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Tagged : leed

Binghamton U building earns a platinum green building rating

October 1st, 2013

Campuses continue to show it can be done. The latest to take home a top LEED rating? Binghamton University’s Science and Engineering building.

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Guess who’s building the nation’s first net-zero retail store?

March 27th, 2013

A retailer who’ve come to rely on for cough syrup, toothpaste and greeting cards has decided to push the envelope on green energy with a model net-zero store that hopes to turn a loss — of energy costs.

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Baylor University: Going for a deeper shade of green

February 19th, 2013

Baylor University, the world’s largest Baptist-affiliated college, is known for its schools of business and law; classic, steepled campus and commitment to education with a Christian flavor. Built in 1845, the university cherishes tradition, but it is also embracing the latest technologies to save energy and preserve nature for future generations.

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American University plans to be carbon neutral by 2020

May 18th, 2010

A worker installs solar panels at American University's School of International Service. Photo: Jeff Watts

American University plans to become a carbon-neutral campus, and the Washington D.C.-based institution is even willing to set an ambitious deadline: 2020.

“We have used the geographical limitations of our urban 84-acre campus in the nation’s capital to our advantage to more aggressively pursue renewable energy and carbon offsets,” said Chris O’Brien, director of sustainability. “Of the few plans that call for earlier carbon neutral dates, American University’s size, location, and academic focus make our active pursuit of sustainability distinctive.”

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Pennsylvania approves ‘green’ insurance discounts for homeowners

April 30th, 2010

The Pennsylvania Insurance Department has approved Travelers Insurance’s proposal to offer discounts on “green” homeowners’ policies, Insurance Commissioner Joel Ario announced today. The policy discount is based on having the U.S. Green Building Council’s Leadership in Energy and Environmental Design, or LEED, building certification.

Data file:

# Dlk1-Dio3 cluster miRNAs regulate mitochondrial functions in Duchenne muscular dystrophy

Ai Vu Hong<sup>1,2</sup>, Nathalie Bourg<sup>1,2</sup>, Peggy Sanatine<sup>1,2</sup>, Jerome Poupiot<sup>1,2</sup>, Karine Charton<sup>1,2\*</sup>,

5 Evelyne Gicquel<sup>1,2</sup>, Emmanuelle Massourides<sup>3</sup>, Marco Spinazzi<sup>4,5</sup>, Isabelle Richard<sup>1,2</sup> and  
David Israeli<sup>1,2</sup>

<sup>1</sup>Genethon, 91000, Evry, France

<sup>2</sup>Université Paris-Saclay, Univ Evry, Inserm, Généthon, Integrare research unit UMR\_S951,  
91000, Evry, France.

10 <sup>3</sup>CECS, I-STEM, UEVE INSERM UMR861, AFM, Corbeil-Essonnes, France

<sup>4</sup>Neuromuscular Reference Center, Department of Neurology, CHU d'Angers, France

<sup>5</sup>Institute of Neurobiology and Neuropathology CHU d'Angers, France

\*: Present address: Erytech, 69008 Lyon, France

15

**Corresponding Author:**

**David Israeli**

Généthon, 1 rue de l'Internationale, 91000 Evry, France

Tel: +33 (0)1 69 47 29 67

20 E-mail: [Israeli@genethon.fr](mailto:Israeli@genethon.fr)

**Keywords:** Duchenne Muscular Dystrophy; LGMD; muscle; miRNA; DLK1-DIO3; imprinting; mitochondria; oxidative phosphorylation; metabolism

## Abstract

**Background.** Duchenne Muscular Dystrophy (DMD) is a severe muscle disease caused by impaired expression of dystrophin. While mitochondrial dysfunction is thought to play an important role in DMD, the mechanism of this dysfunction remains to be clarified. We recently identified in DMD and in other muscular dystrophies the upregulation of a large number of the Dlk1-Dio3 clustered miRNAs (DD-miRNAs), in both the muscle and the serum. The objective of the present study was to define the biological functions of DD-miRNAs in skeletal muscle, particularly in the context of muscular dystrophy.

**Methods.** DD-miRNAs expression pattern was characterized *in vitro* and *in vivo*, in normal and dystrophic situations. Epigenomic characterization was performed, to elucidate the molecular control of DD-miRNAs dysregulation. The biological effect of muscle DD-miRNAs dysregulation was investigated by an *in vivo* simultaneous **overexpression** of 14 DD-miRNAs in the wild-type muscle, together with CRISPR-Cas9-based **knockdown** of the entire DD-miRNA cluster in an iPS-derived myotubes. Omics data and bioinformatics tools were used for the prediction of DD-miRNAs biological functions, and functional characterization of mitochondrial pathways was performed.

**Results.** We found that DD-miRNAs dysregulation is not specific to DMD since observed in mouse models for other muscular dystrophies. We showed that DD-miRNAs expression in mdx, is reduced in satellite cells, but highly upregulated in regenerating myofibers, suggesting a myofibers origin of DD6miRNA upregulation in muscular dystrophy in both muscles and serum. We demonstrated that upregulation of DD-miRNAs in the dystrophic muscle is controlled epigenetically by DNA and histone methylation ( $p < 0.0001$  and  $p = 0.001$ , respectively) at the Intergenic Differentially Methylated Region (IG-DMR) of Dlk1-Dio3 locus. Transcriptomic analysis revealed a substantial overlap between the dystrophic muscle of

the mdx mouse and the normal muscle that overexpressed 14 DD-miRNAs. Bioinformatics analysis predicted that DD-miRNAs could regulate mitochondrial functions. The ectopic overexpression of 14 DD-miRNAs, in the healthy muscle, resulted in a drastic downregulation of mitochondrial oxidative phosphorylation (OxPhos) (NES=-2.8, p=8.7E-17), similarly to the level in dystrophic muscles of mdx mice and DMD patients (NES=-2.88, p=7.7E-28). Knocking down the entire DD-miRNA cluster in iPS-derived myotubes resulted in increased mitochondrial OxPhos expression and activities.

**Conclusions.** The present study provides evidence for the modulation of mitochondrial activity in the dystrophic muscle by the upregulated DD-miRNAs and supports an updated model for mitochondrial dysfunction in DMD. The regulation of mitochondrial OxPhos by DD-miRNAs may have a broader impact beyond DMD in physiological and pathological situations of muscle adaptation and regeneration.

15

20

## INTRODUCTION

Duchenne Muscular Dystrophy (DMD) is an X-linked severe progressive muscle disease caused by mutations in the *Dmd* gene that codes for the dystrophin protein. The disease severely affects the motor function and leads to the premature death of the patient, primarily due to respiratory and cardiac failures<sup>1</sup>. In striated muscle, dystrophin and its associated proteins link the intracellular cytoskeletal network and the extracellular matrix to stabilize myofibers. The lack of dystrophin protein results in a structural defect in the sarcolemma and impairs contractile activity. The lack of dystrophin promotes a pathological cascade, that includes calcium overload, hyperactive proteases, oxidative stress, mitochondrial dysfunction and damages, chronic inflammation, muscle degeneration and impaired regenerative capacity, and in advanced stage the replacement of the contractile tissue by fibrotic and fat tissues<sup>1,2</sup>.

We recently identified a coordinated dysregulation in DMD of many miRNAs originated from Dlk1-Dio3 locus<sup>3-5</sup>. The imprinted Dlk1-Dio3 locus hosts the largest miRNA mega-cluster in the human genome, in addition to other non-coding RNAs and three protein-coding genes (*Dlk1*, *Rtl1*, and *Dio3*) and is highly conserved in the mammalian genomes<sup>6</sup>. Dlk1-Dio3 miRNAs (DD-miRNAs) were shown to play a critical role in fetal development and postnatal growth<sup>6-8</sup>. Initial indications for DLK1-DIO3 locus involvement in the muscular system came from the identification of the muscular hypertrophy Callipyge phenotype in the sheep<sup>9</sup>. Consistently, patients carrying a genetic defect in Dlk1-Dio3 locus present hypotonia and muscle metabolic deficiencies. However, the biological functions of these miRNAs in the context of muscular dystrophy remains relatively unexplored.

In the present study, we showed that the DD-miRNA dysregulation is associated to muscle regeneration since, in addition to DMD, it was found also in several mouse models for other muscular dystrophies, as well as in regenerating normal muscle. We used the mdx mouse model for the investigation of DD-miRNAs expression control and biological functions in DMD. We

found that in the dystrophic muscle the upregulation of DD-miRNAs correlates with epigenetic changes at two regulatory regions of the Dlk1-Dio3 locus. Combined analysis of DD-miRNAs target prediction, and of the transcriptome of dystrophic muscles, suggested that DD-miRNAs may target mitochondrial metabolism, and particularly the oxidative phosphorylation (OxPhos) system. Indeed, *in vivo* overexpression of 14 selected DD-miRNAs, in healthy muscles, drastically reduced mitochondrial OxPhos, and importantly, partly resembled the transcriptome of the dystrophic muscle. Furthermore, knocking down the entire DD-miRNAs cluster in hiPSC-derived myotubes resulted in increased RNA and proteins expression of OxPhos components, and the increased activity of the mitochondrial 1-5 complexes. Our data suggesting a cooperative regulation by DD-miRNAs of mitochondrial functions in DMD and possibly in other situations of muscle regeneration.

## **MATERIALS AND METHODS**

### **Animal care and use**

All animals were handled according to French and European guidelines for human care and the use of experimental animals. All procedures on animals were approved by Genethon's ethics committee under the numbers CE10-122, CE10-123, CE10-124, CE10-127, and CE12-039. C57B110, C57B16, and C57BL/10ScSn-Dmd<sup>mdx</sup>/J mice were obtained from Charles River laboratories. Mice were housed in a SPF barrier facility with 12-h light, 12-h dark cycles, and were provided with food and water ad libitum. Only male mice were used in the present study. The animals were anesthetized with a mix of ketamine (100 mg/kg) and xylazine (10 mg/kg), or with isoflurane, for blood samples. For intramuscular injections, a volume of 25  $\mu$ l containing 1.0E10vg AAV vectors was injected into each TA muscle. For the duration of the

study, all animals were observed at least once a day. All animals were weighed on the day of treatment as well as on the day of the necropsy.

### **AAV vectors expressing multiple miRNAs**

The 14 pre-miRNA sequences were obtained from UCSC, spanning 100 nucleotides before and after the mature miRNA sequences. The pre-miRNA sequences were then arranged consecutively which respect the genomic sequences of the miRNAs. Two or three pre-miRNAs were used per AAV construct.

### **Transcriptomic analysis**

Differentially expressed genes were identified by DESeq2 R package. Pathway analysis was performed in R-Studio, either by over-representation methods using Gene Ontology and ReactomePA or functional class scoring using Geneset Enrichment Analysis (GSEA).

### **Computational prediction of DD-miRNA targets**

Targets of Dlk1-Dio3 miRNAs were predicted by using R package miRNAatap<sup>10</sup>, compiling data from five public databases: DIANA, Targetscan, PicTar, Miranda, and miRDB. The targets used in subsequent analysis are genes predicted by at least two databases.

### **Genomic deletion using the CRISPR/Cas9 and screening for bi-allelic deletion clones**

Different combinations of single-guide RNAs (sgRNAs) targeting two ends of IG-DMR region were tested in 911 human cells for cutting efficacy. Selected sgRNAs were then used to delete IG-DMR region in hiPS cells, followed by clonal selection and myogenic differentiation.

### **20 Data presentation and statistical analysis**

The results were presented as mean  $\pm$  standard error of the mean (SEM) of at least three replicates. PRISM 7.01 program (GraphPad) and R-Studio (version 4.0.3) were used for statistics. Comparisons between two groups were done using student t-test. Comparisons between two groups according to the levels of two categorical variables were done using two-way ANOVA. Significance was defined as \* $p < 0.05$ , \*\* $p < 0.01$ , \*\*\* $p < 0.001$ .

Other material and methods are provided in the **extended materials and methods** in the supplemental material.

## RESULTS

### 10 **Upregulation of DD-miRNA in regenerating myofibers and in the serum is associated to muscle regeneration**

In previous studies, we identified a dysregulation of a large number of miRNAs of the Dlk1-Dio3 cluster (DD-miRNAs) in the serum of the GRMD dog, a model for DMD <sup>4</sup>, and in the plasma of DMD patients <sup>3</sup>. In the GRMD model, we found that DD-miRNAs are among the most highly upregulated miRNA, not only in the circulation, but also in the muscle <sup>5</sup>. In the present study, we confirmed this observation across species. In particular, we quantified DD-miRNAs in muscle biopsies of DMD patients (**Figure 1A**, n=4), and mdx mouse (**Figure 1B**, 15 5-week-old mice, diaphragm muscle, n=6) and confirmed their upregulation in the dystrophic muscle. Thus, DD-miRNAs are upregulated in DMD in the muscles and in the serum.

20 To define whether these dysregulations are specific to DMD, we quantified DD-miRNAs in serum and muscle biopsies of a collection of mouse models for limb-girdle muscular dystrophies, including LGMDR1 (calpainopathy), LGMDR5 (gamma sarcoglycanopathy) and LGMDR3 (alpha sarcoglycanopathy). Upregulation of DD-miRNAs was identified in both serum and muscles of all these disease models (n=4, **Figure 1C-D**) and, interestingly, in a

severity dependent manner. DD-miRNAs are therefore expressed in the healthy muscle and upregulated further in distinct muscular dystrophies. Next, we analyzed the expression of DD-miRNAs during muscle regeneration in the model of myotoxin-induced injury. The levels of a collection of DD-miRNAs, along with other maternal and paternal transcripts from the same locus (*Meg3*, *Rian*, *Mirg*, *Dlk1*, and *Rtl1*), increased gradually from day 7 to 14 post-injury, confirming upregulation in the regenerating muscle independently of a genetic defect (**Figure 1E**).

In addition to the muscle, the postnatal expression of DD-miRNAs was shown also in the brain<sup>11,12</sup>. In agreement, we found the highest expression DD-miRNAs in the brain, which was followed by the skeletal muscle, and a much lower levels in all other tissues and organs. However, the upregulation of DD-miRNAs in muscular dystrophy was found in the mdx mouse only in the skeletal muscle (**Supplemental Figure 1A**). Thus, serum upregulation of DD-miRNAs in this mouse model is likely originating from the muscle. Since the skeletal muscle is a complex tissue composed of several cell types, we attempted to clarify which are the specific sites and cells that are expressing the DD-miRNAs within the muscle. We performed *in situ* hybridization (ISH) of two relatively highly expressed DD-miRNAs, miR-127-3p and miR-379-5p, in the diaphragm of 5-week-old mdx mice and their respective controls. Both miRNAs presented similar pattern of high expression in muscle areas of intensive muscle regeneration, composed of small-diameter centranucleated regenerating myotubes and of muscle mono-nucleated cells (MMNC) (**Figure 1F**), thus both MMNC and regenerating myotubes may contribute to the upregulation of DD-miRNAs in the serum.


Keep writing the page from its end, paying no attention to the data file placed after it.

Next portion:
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Changes help Timberland reduce greenhouse gas emissions

April 12th, 2010

From Green Right Now Reports Outdoor footwear and apparel company Timberland says it reduced greenhouse gas emissions by 36 percent in 2009 over 2006 levels, citing improvements at its own facilities and a reduction in employee air travel. The company has set a goal of reducing emissions by 50 percent by the end of this [...]

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Adobe takes plunge into renewable energy with wind power installation

March 18th, 2010

From Green Right Now Reports

Adobe Systems, Incorporated has taken a significant plunge into renewable energy, completing installation of 20 Windspire wind turbines at its San Jose, Calif., headquarters.

“With the installation of the Windspires, we’re adding renewable energy to a long list of green measures Adobe has taken to lessen our environmental impact,” said Randall H. Knox, III, senior director, Global Workplace Solutions, Adobe. “We’ll continue to seek innovative green technology solutions to reduce our energy dependence and inspire others to go green.”

The new towers are located on Adobe’s sixth–floor patio, which doubles as a rooftop garden and recreational area above an office parking garage. Adobe’s three office towers create a wind tunnel effect from sustained winds off the Pacific Ocean.